Disappointing that the Yanks’ only visit to Oakland is a 3-game weekday series, but that pretty much guarantees that we won’t witness another 4-game sweep. :cry:

  38. Jerkface February 1st, 2013 at 3:38 pm

    MLB cannot do any investigation. They can’t subpoena anyone or do anything cool. They mostly just follow around the police and suck up to them in hopes of getting info. Their ‘investigative unit’ must be the cushiest job.

  39. Warning Track Power February 1st, 2013 at 3:39 pm

    Cash is saying all the right things as a GM of the team.
    I’m not surprised by his comments.
    The Yankees have no choice but to allow MLB to investigate before the team can draw there
    own conclusions.
    I still want to believe in ARod because they is an overwhelming majority that does not.
    It’s very possible the paper is lying, that Bosch is also lying or the sources are lying.
    Anything and everything is possible.

  40. Bronx Jeers February 1st, 2013 at 3:40 pm

    I dunno. Maybe Bud can promise the feds more face time with Roger Clemens.

  41. randy l. February 1st, 2013 at 3:41 pm

    my new years’ resolution is to not have the yankees take up more than 2% of my 2013 time.

    so far so good.

    alex’s problems won’t eat up many minutes because i just don’t care.

    what could get my attention?

    definitely jeter putting up another year like last year. mariano coming back after his injury.

    cashman resigning and some young gm taking over the yankees .

    i’ve been thinking about it, the yankees need a new gm. why not break the glass ceiling in baseball and have the first female gm?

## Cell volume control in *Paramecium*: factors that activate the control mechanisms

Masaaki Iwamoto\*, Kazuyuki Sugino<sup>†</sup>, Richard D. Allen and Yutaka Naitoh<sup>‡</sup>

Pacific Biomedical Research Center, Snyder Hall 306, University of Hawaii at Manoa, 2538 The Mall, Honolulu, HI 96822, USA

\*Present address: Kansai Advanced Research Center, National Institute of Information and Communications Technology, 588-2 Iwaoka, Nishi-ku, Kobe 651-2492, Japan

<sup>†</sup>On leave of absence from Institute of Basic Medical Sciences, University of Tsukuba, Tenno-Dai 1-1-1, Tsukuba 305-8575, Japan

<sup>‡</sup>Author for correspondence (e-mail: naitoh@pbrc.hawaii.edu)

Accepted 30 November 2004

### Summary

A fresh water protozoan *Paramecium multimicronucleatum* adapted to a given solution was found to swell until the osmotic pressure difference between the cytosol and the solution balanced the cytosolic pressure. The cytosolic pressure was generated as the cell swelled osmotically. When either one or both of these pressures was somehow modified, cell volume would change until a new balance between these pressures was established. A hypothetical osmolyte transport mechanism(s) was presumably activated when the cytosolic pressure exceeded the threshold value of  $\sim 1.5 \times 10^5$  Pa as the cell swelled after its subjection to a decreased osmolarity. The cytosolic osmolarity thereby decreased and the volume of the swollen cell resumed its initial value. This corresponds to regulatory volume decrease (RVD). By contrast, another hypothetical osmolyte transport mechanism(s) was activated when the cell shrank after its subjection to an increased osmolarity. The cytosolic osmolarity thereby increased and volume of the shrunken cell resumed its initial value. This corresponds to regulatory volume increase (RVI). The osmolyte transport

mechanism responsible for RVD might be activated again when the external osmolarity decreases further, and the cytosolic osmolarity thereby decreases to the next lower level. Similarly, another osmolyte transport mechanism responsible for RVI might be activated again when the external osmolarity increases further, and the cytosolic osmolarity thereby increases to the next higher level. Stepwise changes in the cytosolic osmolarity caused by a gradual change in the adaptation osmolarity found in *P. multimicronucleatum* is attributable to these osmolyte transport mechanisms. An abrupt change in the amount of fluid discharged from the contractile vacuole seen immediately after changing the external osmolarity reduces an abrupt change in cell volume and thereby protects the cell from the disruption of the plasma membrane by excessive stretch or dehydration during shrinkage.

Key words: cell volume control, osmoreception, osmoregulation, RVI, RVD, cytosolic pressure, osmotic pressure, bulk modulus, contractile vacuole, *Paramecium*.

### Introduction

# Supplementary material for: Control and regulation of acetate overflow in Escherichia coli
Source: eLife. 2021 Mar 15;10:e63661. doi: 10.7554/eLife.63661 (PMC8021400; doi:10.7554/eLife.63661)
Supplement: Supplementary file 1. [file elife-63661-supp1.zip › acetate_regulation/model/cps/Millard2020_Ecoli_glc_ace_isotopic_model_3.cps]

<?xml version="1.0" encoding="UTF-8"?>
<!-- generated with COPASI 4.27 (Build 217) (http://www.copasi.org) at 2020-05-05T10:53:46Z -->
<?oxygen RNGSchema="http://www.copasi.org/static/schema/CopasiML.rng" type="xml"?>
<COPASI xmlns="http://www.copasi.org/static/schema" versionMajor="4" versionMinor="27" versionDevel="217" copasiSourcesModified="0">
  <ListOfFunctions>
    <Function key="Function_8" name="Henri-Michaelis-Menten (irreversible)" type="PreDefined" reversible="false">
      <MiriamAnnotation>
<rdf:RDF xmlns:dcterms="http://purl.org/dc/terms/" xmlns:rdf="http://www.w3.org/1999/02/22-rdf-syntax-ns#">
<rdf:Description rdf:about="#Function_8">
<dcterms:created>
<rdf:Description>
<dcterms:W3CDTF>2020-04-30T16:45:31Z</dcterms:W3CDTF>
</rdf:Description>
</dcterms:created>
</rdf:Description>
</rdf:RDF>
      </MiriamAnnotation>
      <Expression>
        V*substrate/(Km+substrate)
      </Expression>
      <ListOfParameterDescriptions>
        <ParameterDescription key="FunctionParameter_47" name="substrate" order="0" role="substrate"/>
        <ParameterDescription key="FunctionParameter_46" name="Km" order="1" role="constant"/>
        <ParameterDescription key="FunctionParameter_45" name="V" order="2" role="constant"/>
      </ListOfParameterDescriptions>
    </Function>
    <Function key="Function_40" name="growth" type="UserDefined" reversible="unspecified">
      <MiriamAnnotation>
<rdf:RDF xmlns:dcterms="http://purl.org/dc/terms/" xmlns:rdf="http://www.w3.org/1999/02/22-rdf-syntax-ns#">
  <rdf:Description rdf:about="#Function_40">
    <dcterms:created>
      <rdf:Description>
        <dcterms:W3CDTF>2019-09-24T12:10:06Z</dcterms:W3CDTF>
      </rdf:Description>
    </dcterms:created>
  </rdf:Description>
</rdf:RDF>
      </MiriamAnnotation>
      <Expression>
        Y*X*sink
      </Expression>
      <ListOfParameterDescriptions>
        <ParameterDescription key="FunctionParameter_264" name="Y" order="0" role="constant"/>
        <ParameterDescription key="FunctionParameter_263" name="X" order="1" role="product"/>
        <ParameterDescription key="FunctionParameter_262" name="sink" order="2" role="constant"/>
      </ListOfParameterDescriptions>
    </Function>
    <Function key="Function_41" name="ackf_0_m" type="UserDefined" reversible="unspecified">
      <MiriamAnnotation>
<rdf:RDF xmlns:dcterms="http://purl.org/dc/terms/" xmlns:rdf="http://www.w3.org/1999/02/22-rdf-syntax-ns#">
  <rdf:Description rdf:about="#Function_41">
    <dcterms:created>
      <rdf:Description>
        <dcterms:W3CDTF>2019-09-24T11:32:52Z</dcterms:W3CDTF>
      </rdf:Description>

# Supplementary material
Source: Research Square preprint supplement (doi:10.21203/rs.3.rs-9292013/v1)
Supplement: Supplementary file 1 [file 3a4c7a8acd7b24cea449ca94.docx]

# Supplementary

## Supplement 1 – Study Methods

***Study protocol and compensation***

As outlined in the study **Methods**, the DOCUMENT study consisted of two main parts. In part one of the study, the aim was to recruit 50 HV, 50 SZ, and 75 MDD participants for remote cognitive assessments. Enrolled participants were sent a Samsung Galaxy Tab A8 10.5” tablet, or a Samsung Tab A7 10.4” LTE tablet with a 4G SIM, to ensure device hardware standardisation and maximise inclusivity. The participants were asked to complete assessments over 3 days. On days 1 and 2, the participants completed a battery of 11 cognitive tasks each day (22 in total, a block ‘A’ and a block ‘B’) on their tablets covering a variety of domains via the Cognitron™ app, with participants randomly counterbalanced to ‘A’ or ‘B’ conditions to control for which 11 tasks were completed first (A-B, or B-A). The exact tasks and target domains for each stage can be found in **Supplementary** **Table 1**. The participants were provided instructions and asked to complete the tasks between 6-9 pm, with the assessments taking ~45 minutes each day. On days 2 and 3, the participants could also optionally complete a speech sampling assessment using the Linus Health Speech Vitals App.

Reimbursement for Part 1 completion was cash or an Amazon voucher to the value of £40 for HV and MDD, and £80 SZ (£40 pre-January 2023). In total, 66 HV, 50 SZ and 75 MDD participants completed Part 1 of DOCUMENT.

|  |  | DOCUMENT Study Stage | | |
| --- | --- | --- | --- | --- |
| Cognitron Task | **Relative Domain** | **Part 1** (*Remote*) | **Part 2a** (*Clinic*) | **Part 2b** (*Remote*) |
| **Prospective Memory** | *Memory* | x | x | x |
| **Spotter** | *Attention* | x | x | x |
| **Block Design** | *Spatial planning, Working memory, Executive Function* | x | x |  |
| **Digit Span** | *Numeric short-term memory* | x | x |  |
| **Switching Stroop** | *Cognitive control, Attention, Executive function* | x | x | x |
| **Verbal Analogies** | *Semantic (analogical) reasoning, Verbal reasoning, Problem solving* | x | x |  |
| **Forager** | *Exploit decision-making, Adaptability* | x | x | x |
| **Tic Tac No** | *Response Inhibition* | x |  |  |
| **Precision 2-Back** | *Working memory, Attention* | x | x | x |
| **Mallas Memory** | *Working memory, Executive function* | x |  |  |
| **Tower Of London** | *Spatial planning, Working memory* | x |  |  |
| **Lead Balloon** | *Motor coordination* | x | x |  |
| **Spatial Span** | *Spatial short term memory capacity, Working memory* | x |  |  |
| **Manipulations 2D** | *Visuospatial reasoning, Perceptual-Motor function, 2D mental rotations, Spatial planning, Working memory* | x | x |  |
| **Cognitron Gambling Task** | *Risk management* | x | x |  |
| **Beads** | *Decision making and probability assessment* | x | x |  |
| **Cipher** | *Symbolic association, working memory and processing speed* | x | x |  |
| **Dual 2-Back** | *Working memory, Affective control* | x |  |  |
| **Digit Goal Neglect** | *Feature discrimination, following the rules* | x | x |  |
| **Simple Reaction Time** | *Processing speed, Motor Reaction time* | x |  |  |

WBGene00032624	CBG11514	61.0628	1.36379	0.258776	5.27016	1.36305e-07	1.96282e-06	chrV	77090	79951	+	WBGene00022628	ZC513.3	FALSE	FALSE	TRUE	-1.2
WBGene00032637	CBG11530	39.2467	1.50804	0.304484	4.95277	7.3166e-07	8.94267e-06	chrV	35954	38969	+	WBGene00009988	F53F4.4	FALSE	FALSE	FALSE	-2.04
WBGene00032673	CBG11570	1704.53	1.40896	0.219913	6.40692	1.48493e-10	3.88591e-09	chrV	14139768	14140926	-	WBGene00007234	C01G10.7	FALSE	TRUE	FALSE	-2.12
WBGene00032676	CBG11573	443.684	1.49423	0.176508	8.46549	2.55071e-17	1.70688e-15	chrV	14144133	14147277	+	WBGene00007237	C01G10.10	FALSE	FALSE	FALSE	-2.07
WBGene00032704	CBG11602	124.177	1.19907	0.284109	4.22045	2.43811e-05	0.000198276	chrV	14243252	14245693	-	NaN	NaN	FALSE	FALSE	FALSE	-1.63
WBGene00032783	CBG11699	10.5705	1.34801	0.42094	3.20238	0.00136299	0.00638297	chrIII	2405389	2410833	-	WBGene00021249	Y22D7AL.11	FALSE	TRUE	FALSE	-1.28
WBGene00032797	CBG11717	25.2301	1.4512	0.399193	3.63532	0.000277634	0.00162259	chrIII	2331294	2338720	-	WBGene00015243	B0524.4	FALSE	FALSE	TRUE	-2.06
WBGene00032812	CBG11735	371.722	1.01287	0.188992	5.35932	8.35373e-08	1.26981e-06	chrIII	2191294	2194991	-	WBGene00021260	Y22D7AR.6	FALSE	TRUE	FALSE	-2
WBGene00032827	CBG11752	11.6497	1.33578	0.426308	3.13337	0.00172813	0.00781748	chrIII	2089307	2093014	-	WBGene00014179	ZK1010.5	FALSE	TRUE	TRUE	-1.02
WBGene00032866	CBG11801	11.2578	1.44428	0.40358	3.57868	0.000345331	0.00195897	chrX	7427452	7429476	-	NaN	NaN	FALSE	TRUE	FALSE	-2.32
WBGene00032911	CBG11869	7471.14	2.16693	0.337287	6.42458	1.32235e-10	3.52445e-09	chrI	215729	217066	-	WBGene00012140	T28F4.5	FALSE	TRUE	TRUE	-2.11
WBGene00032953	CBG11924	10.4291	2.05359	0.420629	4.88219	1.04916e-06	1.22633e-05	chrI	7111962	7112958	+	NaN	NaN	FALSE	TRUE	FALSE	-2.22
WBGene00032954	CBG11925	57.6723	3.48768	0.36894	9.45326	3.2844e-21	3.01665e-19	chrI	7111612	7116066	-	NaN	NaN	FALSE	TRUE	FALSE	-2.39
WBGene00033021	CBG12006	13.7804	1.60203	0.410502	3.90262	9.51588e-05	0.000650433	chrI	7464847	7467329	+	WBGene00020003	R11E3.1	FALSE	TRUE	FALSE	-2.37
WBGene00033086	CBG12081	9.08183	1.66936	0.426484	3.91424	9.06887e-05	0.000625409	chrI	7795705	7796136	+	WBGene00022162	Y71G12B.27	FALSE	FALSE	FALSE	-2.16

oh i forgot, gms are all macho and do all that guy stuff that’s needed to do the job :)

  42. vrsce February 1st, 2013 at 3:41 pm

    Ownership, i.e. Hal and Hank S. are totally responsible for the Yankees current trouble.
    1. Hank insisted on signing ARod after he opted out. It was stupid and destructive. Cashman was against it.

    2. Hal insists upon getting under the luxury cap (which would not be an issue if Hank had not re-signed ARod), even though L.A. and other teams are going past the cap.

    3. The Steinbrenner brothers mad a huge windfall with the partial sale of YES.

    The Yankees are doing very well financially, the fan base is one of the best in sports and they should not have to suffer because Hank was a fool and Hal does not want to bear the burden of Hank’s mistake but rather make the fans live through a period of austerity as he tries to cut back financially.

  43. RMS February 1st, 2013 at 3:42 pm

    It’s very possible the paper is lying, that Bosch is also lying or the sources are lying.

    =====================================================
    And very possible Alex is lying.

  44. Rich in NJ February 1st, 2013 at 3:43 pm

    “I dunno. Maybe Bud can promise the feds more face time with Roger Clemens.”

    Or perhaps, Debbie Clemens…

  45. Warning Track Power February 1st, 2013 at 3:43 pm

    Nick
    I was going to buy tix last Sunday until I learned that was the same day as the A’s fanfest.
    No way I was going to stand in the long lines and surrounded by A’s fans.
    Then I decided against purchasing tickets online due to the service charges and extra fees.

    One 3-game series is very weak. And 1 game is an afternoon match-up.

    Since I’m going to NYC the last week of April & planning to see at least 1 game while in town, missing the series here in the bay area does not sting as much.

  46. Nick in SF February 1st, 2013 at 3:49 pm

    WTP: missing the series here wouldn’t be the worst, especially if you can see them in NY, but then again tickets to games here are pretty cheap both in advance and often at the last minute on craigslist or stubhub.

    “Their ‘investigative unit’ must be the cushiest job.”